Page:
(IFJ/IFEX) - 24 September 2009 - The International Federation of Journalists (IFJ) today expressed its support to Yemeni journalists who staged a sit-in at the presidential palace to demand news of the whereabouts and the release of Mohammed al Maqaleh, editor of the opposition Socialist Party's website, Al Eshteraki, who was abducted last Friday and has not been seen since.
"The Government needs to provide information about Almagaleh's location to his family and colleagues," said Aidan White, IFJ General Secretary. "There are genuine concerns for his safety while he remains out of official custody."
The Yemeni Journalists Syndicate, an IFJ affiliate, today organised a sit-in at the presidential palace in Sana'a, almost one week after the journalist was abducted on 18 September on Taiz Street in Sana'a.
His abduction followed the publication last week on his website, al Eshterak, of a report on Yemeni military air strikes targeting civilians in an incident that killed 87 people and injured more than a hundred. The victims were internal war refugees, mostly women and children, sheltering in an open field, having escaped the fighting in Sa'ada City. The military launched a second air strike as the survivors fled to a nearby bridge.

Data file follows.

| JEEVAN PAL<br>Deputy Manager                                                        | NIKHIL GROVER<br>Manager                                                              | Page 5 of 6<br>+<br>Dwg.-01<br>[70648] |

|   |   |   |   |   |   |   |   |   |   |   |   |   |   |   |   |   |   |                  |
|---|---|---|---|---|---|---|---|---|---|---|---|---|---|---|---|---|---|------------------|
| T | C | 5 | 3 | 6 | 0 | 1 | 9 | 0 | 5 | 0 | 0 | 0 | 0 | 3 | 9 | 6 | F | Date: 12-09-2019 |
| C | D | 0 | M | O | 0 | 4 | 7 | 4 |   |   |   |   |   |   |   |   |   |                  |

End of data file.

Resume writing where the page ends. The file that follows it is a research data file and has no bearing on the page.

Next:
According to witness reports, five gun-wielding masked men in a minibus intercepted Mr. al Maqaleh's car on Taiz Street in Sana'a. They bundled him into another vehicle.
The IFJ says that in the past journalists have disappeared in Yemen after they had been snatched off the streets by plain clothes intelligence operatives driving vehicles with military plates. There are also reports of journalists being tortured while they are held in clandestine locations.
"The Yemeni authorities are solely responsible for the physical safety and security of al Maqaleh," added White.
"There is no suggestion he broke thelaw and he must be released forthwith."
For more information:
International Federation of Journalists
International Press Centre, Residence Palace
Bloc C, second floor, Rue de la Loi, 1551040 Brussels
Phone: +32 2 2352207
Fax: +32 2 2352219